There were two piles in the middle of the floor, one dirty that needed to be washed, and one clean that needed to be folded and put away. I’m always behind on the laundry, this week no exception.
Early on Saturday, with coffee in hand, I began to sort through the piles, four clean loads lying on top of each other in one basket, and four days of dirty in the other.
I pulled out the shirt Miss F. wore when we had harsh words before school Tuesday morning, where I, in a terrible mood, said regrettable things, things that prompted me to send a text message to the aid in her class and ask her to apologize for me. I couldn’t bear those words being the last she heard from me all day.
I pulled out Miss F.’s softball uniform and B.’s soccer jersey, worn for two games played in two different towns at the same time, my not being able to see more than 10 minutes of either one.
I pulled out the shirt I wore my first day back at work, after an unexpected and chaotic week away, my boss’ petulance exacerbating the crying jags I indulged in while hiding in my office.
I pulled out the dress I wore to my father’s funeral.
The dress I tugged at while I overhead two women say, “Does anyone know if his daughters even showed up?”
The dress I smoothed over my hips while a well-meaning guest, a person I had never met, took me aside to acknowledge that he knew this death was complicated for me and wished me peace.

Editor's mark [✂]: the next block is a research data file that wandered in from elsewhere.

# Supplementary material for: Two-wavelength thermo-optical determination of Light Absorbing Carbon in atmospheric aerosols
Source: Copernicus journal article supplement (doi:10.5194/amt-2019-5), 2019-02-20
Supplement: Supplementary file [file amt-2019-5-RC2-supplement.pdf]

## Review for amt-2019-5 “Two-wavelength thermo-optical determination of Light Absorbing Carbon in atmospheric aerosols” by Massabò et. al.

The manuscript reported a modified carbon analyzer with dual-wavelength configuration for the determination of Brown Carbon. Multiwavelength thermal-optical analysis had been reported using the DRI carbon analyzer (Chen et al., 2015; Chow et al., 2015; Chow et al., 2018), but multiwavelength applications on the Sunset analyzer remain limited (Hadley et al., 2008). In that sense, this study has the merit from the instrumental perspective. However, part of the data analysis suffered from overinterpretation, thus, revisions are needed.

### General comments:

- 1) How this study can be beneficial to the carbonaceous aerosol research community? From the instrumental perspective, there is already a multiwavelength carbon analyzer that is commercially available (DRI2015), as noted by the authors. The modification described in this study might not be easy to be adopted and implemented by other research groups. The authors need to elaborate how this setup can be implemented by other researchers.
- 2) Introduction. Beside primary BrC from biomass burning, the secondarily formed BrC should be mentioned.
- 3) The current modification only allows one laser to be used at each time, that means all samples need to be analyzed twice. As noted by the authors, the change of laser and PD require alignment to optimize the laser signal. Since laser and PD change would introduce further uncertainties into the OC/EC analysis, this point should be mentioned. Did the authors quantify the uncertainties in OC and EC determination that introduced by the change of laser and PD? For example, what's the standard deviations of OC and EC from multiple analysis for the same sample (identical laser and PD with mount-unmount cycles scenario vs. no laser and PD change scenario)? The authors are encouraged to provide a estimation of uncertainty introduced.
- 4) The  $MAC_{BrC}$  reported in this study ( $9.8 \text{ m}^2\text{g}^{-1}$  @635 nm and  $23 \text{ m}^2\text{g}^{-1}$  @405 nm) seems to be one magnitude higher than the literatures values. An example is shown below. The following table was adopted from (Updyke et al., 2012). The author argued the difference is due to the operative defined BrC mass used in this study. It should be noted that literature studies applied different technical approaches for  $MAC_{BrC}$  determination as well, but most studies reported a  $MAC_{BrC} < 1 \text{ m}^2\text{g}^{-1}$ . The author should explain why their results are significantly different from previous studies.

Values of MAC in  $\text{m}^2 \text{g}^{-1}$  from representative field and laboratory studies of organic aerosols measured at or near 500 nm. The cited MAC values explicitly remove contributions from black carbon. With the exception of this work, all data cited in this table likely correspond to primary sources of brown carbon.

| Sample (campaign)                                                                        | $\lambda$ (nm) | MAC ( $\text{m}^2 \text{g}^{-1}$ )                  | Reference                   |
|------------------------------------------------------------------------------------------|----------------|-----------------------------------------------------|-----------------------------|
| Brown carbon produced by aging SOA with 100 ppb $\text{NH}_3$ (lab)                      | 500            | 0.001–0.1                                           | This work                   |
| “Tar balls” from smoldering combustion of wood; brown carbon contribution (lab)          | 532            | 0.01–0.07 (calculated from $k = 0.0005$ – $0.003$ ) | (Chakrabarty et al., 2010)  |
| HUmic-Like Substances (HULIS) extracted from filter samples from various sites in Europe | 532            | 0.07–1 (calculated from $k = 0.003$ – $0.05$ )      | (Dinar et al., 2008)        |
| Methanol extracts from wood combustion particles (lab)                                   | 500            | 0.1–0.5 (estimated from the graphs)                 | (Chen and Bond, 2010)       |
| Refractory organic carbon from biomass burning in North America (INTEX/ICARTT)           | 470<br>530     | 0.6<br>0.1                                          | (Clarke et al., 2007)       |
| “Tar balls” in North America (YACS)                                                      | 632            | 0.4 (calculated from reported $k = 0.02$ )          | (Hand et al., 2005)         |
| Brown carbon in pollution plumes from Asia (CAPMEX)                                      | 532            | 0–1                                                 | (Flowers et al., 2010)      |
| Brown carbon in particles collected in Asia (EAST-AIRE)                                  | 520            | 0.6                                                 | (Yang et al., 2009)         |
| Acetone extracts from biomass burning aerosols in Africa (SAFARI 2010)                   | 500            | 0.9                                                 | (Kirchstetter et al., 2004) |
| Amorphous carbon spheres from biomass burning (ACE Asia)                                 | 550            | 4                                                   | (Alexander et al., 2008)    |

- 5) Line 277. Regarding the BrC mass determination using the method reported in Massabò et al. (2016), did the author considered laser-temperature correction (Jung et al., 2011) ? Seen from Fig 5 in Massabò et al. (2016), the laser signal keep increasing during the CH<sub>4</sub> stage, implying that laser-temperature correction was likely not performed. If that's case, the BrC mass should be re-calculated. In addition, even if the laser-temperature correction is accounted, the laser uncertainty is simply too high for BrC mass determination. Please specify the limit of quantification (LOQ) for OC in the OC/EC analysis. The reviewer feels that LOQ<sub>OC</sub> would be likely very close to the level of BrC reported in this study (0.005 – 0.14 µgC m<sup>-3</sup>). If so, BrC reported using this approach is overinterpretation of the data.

The capris I wore running the morning of the funeral, where I may have run my fastest five miles ever, while letting the anger and grief and sadness and guilt pour out of me.
Past, present and future mixed up and blended, baseball jerseys atop a dress worn to a funeral of a grandfather my children never knew. And while I pulled clothing out of that basket and folded it in piles, I sat there wishing I could sort out my feelings as easily as we sort out the lights from the darks and the casuals from the delicates.
I’m not unique. Every family has their laundry.
Part of my mission is to take the facts that belong to the story of me and my father, and learn to look at them as facts, not as burdens or hurts, or details that I allow to define me.
We don’t have to attach emotional energy to facts. We can learn to become observers of the facts, even the facts that seem troublesome. Even the facts that we have spent our entire lives personalizing. Yoga teaches us that. And while that’s easier in theory than in practice, we have the option to acknowledge our stories, validate our stories, and respect our stories yet be liberated from our stories at the same time.
We can own our stories without them owning us, dirty laundry and all.